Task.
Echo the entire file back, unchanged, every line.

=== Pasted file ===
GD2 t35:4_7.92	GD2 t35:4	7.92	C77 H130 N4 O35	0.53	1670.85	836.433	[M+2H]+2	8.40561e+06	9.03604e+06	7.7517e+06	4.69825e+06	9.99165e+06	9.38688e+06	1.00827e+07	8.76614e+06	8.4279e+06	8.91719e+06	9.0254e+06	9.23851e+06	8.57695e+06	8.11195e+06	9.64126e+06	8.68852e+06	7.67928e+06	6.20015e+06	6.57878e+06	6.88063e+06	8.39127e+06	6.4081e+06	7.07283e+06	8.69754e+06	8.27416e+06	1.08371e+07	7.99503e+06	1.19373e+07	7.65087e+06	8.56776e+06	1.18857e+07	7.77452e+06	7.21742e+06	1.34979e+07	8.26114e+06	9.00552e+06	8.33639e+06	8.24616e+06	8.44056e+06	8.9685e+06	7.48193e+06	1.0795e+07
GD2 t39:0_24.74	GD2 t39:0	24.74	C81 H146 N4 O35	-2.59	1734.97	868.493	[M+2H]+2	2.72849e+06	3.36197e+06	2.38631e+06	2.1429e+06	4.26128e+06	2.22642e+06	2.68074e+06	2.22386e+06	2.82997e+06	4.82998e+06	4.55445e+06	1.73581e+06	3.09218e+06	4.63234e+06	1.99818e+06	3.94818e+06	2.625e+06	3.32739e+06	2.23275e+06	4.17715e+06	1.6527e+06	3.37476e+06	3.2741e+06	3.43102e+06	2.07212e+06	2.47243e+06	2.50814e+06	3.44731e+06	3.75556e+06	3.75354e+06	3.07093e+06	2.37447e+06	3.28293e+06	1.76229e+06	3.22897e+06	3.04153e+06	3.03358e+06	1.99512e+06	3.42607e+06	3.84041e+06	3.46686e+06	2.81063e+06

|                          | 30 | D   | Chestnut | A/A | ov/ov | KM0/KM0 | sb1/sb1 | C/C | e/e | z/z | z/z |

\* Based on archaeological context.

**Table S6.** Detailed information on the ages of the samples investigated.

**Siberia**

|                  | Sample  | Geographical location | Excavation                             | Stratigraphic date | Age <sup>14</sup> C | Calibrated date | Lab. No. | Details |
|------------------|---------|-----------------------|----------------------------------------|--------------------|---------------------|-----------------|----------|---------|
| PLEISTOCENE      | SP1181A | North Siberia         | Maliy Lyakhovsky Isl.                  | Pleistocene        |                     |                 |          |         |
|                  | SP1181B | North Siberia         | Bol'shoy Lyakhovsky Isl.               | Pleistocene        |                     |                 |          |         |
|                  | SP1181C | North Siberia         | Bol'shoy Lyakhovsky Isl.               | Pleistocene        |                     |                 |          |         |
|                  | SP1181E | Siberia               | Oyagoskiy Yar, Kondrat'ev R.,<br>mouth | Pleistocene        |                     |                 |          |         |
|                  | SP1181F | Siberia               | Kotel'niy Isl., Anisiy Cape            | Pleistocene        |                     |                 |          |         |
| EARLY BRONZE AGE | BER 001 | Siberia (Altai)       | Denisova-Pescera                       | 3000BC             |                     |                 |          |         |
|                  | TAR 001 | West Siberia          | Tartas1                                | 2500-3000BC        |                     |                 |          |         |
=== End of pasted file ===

GD2 t35:4_7.92	GD2 t35:4	7.92	C77 H130 N4 O35	0.53	1670.85	836.433	[M+2H]+2	8.40561e+06	9.03604e+06	7.7517e+06	4.69825e+06	9.99165e+06	9.38688e+06	1.00827e+07	8.76614e+06	8.4279e+06	8.91719e+06	9.0254e+06	9.23851e+06	8.57695e+06	8.11195e+06	9.64126e+06	8.68852e+06	7.67928e+06	6.20015e+06	6.57878e+06	6.88063e+06	8.39127e+06	6.4081e+06	7.07283e+06	8.69754e+06	8.27416e+06	1.08371e+07	7.99503e+06	1.19373e+07	7.65087e+06	8.56776e+06	1.18857e+07	7.77452e+06	7.21742e+06	1.34979e+07	8.26114e+06	9.00552e+06	8.33639e+06	8.24616e+06	8.44056e+06	8.9685e+06	7.48193e+06	1.0795e+07
GD2 t39:0_24.74	GD2 t39:0	24.74	C81 H146 N4 O35	-2.59	1734.97	868.493	[M+2H]+2	2.72849e+06	3.36197e+06	2.38631e+06	2.1429e+06	4.26128e+06	2.22642e+06	2.68074e+06	2.22386e+06	2.82997e+06	4.82998e+06	4.55445e+06	1.73581e+06	3.09218e+06	4.63234e+06	1.99818e+06	3.94818e+06	2.625e+06	3.32739e+06	2.23275e+06	4.17715e+06	1.6527e+06	3.37476e+06	3.2741e+06	3.43102e+06	2.07212e+06	2.47243e+06	2.50814e+06	3.44731e+06	3.75556e+06	3.75354e+06	3.07093e+06	2.37447e+06	3.28293e+06	1.76229e+06	3.22897e+06	3.04153e+06	3.03358e+06	1.99512e+06	3.42607e+06	3.84041e+06	3.46686e+06	2.81063e+06

|                          | 30 | D   | Chestnut | A/A | ov/ov | KM0/KM0 | sb1/sb1 | C/C | e/e | z/z | z/z |

\* Based on archaeological context.

**Table S6.** Detailed information on the ages of the samples investigated.

**Siberia**

|                  | Sample  | Geographical location | Excavation                             | Stratigraphic date | Age <sup>14</sup> C | Calibrated date | Lab. No. | Details |
|------------------|---------|-----------------------|----------------------------------------|--------------------|---------------------|-----------------|----------|---------|
| PLEISTOCENE      | SP1181A | North Siberia         | Maliy Lyakhovsky Isl.                  | Pleistocene        |                     |                 |          |         |
|                  | SP1181B | North Siberia         | Bol'shoy Lyakhovsky Isl.               | Pleistocene        |                     |                 |          |         |
|                  | SP1181C | North Siberia         | Bol'shoy Lyakhovsky Isl.               | Pleistocene        |                     |                 |          |         |
|                  | SP1181E | Siberia               | Oyagoskiy Yar, Kondrat'ev R.,<br>mouth | Pleistocene        |                     |                 |          |         |
|                  | SP1181F | Siberia               | Kotel'niy Isl., Anisiy Cape            | Pleistocene        |                     |                 |          |         |
| EARLY BRONZE AGE | BER 001 | Siberia (Altai)       | Denisova-Pescera                       | 3000BC             |                     |                 |          |         |
|                  | TAR 001 | West Siberia          | Tartas1                                | 2500-3000BC        |                     |                 |          |         |